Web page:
More effort needs to be made to communicate among the various layers of authority in the oil patch. Responsibility for dealing with different degrees of waste need to be clarified and streamlined. The object isn’t to create an obstacle to drilling, but make sure everyone gets it right the first time.

In this case, the state inspector granted a permit to an oil company for a waste pit near Ross. The pit was used for less than a day before it was shutdown, after it was discovered to be located in the Ross Wellhead Protection zone. No apparent damage was done, and for that we can be thankful.

How did it happen? The oil company found a high-water table where it initially had an approved permit, so a Mineral Resources inspector helped the company identify a new site. But the inspector didn’t have access to a map showing the location of the town’s aquifer - the Ross Wellhead Protection zone - and the new permit was given for a restricted area.

The inspectors now have information about wellhead protection zones.

But how did it happen? Ross, population 106, is just west of Stanley in Mountrail County. The county has a six-month moratorium on considering special oil field waste permits, for which it has authority. The permit for Oasis, the oil company in this story, was not a special oil field waste permit. It was a regular waste permit granted through the Mineral Resources Department for specific spacing units. The pit prepared at Ross is as big as a football field and only waste from that 1,280-acre spacing unit could be placed in it.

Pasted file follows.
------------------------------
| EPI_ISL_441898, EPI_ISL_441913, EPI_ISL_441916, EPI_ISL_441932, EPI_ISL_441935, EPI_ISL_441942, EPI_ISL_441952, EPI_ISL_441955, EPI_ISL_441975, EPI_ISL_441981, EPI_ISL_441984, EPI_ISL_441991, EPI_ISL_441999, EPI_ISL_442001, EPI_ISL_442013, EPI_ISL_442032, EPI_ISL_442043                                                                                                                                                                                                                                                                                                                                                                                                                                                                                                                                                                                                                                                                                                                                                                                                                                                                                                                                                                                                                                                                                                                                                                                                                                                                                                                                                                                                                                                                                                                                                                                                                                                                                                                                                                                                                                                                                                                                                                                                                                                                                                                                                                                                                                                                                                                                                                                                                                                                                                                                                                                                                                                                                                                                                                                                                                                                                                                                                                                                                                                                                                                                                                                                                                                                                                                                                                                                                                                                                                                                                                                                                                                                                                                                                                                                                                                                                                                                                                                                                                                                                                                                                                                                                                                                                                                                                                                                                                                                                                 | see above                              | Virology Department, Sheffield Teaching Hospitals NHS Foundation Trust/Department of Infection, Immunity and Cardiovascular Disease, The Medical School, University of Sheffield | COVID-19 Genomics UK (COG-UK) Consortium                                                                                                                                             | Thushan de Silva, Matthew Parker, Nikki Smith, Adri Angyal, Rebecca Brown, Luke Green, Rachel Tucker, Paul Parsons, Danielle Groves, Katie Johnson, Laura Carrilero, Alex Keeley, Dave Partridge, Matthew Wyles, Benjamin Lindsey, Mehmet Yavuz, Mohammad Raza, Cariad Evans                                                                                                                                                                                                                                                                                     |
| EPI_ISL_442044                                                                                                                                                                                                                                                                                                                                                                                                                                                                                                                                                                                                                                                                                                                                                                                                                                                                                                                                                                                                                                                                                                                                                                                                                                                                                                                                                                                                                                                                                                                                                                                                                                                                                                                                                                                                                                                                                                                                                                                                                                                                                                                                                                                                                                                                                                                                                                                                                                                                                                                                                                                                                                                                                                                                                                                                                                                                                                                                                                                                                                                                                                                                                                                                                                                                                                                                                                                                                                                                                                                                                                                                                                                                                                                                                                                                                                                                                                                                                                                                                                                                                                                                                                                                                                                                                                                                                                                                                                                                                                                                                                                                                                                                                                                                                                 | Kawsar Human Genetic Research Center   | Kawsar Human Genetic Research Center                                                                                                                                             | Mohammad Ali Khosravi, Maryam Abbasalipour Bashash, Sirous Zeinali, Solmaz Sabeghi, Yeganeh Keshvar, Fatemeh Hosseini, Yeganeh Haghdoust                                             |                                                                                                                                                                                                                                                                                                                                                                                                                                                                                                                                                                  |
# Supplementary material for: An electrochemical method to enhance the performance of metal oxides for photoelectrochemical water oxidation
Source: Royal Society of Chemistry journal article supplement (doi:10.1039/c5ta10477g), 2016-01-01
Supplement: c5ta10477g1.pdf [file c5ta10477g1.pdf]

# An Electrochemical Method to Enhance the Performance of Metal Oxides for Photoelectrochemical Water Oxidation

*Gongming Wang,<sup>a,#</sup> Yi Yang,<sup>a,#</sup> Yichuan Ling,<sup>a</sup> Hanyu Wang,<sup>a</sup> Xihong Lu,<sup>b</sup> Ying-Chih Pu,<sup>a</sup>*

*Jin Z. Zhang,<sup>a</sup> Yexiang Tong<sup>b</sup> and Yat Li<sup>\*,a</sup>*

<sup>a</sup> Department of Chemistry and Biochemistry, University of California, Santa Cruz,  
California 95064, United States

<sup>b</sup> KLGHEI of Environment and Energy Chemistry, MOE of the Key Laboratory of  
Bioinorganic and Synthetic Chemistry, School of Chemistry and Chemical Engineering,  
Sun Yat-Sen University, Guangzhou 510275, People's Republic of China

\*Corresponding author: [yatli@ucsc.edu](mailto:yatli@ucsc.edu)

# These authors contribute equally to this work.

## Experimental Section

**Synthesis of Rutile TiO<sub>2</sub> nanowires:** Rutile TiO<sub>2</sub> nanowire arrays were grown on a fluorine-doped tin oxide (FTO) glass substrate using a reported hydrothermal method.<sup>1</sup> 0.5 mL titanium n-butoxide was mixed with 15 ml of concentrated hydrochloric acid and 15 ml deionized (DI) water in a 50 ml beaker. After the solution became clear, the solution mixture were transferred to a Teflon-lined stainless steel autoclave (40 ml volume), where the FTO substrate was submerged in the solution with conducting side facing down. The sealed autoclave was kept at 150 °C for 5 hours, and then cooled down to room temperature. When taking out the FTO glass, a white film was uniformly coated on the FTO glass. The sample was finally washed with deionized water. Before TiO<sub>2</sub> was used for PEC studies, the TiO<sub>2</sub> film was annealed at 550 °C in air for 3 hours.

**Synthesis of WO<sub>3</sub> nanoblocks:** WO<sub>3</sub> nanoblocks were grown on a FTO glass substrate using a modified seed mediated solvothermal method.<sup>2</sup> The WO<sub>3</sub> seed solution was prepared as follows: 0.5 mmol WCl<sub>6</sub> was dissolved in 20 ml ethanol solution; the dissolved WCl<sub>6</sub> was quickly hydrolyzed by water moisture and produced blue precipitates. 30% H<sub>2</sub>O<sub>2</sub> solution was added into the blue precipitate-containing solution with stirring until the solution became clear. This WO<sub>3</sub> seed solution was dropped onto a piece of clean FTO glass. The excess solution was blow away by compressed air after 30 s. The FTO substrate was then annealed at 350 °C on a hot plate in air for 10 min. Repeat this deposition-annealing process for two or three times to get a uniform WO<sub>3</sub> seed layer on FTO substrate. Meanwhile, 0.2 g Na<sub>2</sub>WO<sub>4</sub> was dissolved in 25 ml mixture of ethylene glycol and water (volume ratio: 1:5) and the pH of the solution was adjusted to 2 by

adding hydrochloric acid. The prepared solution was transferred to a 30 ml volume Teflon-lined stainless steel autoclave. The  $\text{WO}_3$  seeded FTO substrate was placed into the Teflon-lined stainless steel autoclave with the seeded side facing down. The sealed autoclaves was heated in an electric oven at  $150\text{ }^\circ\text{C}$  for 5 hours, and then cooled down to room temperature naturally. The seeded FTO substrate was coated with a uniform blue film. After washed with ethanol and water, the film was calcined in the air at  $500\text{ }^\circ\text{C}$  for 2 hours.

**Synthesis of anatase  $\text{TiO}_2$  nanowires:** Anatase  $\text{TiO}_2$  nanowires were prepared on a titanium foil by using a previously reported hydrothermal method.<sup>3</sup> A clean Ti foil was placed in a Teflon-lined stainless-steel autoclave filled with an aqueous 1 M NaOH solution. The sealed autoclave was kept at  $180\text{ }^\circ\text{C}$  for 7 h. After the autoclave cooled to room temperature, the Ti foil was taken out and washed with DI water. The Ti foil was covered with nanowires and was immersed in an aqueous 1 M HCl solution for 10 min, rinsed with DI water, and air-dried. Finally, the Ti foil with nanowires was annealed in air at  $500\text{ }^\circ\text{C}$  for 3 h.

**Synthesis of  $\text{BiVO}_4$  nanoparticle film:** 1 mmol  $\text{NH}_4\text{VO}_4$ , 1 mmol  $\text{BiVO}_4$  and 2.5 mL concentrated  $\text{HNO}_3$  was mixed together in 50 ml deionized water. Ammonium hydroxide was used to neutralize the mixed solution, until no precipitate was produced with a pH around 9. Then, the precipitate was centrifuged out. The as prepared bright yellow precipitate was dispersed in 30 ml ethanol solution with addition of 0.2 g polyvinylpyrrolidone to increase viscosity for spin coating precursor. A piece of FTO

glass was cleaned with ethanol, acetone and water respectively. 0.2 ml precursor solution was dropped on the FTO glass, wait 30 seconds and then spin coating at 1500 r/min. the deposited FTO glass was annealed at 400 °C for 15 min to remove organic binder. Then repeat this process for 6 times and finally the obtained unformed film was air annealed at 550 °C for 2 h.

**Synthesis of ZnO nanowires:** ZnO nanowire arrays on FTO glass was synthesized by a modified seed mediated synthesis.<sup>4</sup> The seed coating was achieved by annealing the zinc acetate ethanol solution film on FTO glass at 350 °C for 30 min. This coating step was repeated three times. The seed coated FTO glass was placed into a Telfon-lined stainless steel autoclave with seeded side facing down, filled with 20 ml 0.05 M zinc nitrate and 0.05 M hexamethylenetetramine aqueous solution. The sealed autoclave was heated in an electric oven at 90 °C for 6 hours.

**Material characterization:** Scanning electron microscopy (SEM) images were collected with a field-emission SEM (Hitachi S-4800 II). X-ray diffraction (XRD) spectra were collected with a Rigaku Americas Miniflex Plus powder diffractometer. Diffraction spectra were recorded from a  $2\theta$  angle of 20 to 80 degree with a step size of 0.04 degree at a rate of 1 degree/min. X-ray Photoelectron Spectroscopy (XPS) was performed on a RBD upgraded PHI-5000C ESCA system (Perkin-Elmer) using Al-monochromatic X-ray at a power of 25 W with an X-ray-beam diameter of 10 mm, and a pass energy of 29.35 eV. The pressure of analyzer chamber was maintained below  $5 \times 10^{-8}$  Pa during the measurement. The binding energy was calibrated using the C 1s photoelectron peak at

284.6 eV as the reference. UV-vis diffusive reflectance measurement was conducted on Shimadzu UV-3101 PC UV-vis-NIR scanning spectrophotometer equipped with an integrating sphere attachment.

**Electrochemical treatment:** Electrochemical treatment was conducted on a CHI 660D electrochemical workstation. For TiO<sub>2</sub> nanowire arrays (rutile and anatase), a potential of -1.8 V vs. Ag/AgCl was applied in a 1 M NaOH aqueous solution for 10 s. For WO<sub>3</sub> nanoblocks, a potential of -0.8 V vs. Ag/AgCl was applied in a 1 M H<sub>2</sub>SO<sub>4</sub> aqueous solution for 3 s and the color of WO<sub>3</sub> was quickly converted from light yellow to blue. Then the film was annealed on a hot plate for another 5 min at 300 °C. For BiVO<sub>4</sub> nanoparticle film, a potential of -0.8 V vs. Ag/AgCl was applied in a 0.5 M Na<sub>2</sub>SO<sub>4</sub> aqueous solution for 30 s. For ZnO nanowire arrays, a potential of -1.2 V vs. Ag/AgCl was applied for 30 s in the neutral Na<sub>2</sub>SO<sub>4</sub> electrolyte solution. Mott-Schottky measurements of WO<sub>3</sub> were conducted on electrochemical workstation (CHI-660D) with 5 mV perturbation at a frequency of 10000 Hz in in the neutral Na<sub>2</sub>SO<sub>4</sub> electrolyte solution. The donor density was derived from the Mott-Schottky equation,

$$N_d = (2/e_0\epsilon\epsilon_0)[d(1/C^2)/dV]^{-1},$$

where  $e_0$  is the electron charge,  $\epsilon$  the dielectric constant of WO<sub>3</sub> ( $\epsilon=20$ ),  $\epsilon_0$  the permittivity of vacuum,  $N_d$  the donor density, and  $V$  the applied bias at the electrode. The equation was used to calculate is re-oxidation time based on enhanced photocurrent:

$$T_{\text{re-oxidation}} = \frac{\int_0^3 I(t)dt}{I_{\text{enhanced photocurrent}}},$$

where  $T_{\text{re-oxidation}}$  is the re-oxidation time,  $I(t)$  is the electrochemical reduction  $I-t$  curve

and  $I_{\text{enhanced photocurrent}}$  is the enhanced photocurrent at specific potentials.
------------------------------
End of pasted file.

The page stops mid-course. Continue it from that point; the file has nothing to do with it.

Different kinds of pits. Different waste. Different authority. Hence, the need for a different and higher level of communication.

The Mountrail County Commission established the six-month moratorium because it was struggling with requests for two super-sized waste permits proposed a half mile apart. The state knew that. The state should have informed county officials of the new Oasis pit in context of the moratorium.

Having the state check with the county could well have caught the encroachment in Ross’s Wellhead Protection zone and saved the worry over the community water supply. Talking to the county could have meant the oil company saved the time and money spent relocating the pit.

Mineral Resources Director Lynn Helms takes responsibility for the miscue, as he should. This wasn’t the oil company’s fault, and the company began to remove the pit of its own accord almost immediately.

Landowners and the public, including counties and municipalities like Ross, have real concerns about oil waste, whether it’s simple cutting from the well site or the disposal of toxic materials from the fracking process. It’s a valid worry, and the government has an obligation to make sure these materials are processed and disposed of properly.